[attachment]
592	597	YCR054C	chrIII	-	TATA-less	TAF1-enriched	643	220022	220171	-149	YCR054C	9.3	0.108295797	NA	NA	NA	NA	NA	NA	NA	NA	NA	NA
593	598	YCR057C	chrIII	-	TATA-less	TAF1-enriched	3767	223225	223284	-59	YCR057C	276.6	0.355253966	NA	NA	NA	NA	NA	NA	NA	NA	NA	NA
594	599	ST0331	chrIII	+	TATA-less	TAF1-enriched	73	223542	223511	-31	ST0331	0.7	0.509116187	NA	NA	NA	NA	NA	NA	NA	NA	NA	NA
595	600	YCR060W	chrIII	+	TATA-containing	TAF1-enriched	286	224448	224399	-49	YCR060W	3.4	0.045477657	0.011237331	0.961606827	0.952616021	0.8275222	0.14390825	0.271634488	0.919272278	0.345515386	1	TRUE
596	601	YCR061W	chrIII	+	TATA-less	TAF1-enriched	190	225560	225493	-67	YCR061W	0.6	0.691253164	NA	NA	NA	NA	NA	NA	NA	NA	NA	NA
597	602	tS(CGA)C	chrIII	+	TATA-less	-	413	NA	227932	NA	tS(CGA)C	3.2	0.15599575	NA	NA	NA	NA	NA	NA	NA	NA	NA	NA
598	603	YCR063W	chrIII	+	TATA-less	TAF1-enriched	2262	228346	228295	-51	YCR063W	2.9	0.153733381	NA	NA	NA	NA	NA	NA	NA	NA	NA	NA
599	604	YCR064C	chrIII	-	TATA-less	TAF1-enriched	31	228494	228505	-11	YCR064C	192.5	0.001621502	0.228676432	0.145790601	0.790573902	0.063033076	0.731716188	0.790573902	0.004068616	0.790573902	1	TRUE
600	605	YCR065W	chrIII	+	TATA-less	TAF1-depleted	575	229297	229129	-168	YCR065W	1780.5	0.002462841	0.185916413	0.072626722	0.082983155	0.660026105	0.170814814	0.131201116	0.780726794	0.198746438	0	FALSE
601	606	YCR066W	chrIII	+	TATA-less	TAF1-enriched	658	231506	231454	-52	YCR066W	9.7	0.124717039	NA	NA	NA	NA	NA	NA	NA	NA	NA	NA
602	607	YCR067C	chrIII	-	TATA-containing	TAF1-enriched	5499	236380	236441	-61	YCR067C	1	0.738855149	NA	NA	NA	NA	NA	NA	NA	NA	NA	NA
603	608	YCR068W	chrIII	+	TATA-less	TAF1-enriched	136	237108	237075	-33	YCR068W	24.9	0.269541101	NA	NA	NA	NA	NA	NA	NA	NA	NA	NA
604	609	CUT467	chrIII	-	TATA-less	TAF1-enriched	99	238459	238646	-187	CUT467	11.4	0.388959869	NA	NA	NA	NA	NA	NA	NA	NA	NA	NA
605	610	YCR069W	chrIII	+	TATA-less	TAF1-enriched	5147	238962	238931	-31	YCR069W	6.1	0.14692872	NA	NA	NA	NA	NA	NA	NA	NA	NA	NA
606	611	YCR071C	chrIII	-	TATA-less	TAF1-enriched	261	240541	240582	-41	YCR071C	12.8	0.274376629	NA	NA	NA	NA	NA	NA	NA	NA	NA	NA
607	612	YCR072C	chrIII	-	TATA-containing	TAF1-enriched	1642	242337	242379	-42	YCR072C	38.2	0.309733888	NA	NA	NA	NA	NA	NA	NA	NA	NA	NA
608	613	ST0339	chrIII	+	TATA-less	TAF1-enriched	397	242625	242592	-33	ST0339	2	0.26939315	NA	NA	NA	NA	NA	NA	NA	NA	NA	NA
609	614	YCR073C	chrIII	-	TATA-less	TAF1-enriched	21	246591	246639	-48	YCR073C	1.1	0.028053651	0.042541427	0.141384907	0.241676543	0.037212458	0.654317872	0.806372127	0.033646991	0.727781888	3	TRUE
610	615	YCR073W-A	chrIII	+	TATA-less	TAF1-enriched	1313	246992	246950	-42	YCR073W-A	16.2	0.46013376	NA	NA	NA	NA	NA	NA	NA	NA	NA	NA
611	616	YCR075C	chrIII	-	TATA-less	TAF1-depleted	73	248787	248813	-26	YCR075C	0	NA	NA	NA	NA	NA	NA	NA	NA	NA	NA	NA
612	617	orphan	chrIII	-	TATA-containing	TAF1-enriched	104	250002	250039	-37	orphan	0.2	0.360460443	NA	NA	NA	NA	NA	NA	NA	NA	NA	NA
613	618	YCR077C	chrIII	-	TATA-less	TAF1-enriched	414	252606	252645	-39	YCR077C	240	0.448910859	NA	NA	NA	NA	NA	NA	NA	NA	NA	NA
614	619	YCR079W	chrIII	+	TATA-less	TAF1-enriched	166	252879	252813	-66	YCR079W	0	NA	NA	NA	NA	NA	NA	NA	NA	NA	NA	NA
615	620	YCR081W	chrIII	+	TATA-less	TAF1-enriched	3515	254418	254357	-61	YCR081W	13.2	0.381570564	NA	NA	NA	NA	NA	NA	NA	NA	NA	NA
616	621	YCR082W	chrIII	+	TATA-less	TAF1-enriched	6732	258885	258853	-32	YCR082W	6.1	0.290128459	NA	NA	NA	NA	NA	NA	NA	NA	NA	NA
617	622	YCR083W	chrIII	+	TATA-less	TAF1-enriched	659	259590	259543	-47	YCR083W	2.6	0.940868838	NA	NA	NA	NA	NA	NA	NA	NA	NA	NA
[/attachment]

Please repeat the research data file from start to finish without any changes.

592	597	YCR054C	chrIII	-	TATA-less	TAF1-enriched	643	220022	220171	-149	YCR054C	9.3	0.108295797	NA	NA	NA	NA	NA	NA	NA	NA	NA	NA
593	598	YCR057C	chrIII	-	TATA-less	TAF1-enriched	3767	223225	223284	-59	YCR057C	276.6	0.355253966	NA	NA	NA	NA	NA	NA	NA	NA	NA	NA
594	599	ST0331	chrIII	+	TATA-less	TAF1-enriched	73	223542	223511	-31	ST0331	0.7	0.509116187	NA	NA	NA	NA	NA	NA	NA	NA	NA	NA
595	600	YCR060W	chrIII	+	TATA-containing	TAF1-enriched	286	224448	224399	-49	YCR060W	3.4	0.045477657	0.011237331	0.961606827	0.952616021	0.8275222	0.14390825	0.271634488	0.919272278	0.345515386	1	TRUE
596	601	YCR061W	chrIII	+	TATA-less	TAF1-enriched	190	225560	225493	-67	YCR061W	0.6	0.691253164	NA	NA	NA	NA	NA	NA	NA	NA	NA	NA
597	602	tS(CGA)C	chrIII	+	TATA-less	-	413	NA	227932	NA	tS(CGA)C	3.2	0.15599575	NA	NA	NA	NA	NA	NA	NA	NA	NA	NA
598	603	YCR063W	chrIII	+	TATA-less	TAF1-enriched	2262	228346	228295	-51	YCR063W	2.9	0.153733381	NA	NA	NA	NA	NA	NA	NA	NA	NA	NA
599	604	YCR064C	chrIII	-	TATA-less	TAF1-enriched	31	228494	228505	-11	YCR064C	192.5	0.001621502	0.228676432	0.145790601	0.790573902	0.063033076	0.731716188	0.790573902	0.004068616	0.790573902	1	TRUE
600	605	YCR065W	chrIII	+	TATA-less	TAF1-depleted	575	229297	229129	-168	YCR065W	1780.5	0.002462841	0.185916413	0.072626722	0.082983155	0.660026105	0.170814814	0.131201116	0.780726794	0.198746438	0	FALSE
601	606	YCR066W	chrIII	+	TATA-less	TAF1-enriched	658	231506	231454	-52	YCR066W	9.7	0.124717039	NA	NA	NA	NA	NA	NA	NA	NA	NA	NA
602	607	YCR067C	chrIII	-	TATA-containing	TAF1-enriched	5499	236380	236441	-61	YCR067C	1	0.738855149	NA	NA	NA	NA	NA	NA	NA	NA	NA	NA
603	608	YCR068W	chrIII	+	TATA-less	TAF1-enriched	136	237108	237075	-33	YCR068W	24.9	0.269541101	NA	NA	NA	NA	NA	NA	NA	NA	NA	NA
604	609	CUT467	chrIII	-	TATA-less	TAF1-enriched	99	238459	238646	-187	CUT467	11.4	0.388959869	NA	NA	NA	NA	NA	NA	NA	NA	NA	NA
605	610	YCR069W	chrIII	+	TATA-less	TAF1-enriched	5147	238962	238931	-31	YCR069W	6.1	0.14692872	NA	NA	NA	NA	NA	NA	NA	NA	NA	NA
606	611	YCR071C	chrIII	-	TATA-less	TAF1-enriched	261	240541	240582	-41	YCR071C	12.8	0.274376629	NA	NA	NA	NA	NA	NA	NA	NA	NA	NA
607	612	YCR072C	chrIII	-	TATA-containing	TAF1-enriched	1642	242337	242379	-42	YCR072C	38.2	0.309733888	NA	NA	NA	NA	NA	NA	NA	NA	NA	NA
608	613	ST0339	chrIII	+	TATA-less	TAF1-enriched	397	242625	242592	-33	ST0339	2	0.26939315	NA	NA	NA	NA	NA	NA	NA	NA	NA	NA
609	614	YCR073C	chrIII	-	TATA-less	TAF1-enriched	21	246591	246639	-48	YCR073C	1.1	0.028053651	0.042541427	0.141384907	0.241676543	0.037212458	0.654317872	0.806372127	0.033646991	0.727781888	3	TRUE
610	615	YCR073W-A	chrIII	+	TATA-less	TAF1-enriched	1313	246992	246950	-42	YCR073W-A	16.2	0.46013376	NA	NA	NA	NA	NA	NA	NA	NA	NA	NA
611	616	YCR075C	chrIII	-	TATA-less	TAF1-depleted	73	248787	248813	-26	YCR075C	0	NA	NA	NA	NA	NA	NA	NA	NA	NA	NA	NA
612	617	orphan	chrIII	-	TATA-containing	TAF1-enriched	104	250002	250039	-37	orphan	0.2	0.360460443	NA	NA	NA	NA	NA	NA	NA	NA	NA	NA
613	618	YCR077C	chrIII	-	TATA-less	TAF1-enriched	414	252606	252645	-39	YCR077C	240	0.448910859	NA	NA	NA	NA	NA	NA	NA	NA	NA	NA
614	619	YCR079W	chrIII	+	TATA-less	TAF1-enriched	166	252879	252813	-66	YCR079W	0	NA	NA	NA	NA	NA	NA	NA	NA	NA	NA	NA
615	620	YCR081W	chrIII	+	TATA-less	TAF1-enriched	3515	254418	254357	-61	YCR081W	13.2	0.381570564	NA	NA	NA	NA	NA	NA	NA	NA	NA	NA
616	621	YCR082W	chrIII	+	TATA-less	TAF1-enriched	6732	258885	258853	-32	YCR082W	6.1	0.290128459	NA	NA	NA	NA	NA	NA	NA	NA	NA	NA
617	622	YCR083W	chrIII	+	TATA-less	TAF1-enriched	659	259590	259543	-47	YCR083W	2.6	0.940868838	NA	NA	NA	NA	NA	NA	NA	NA	NA	NA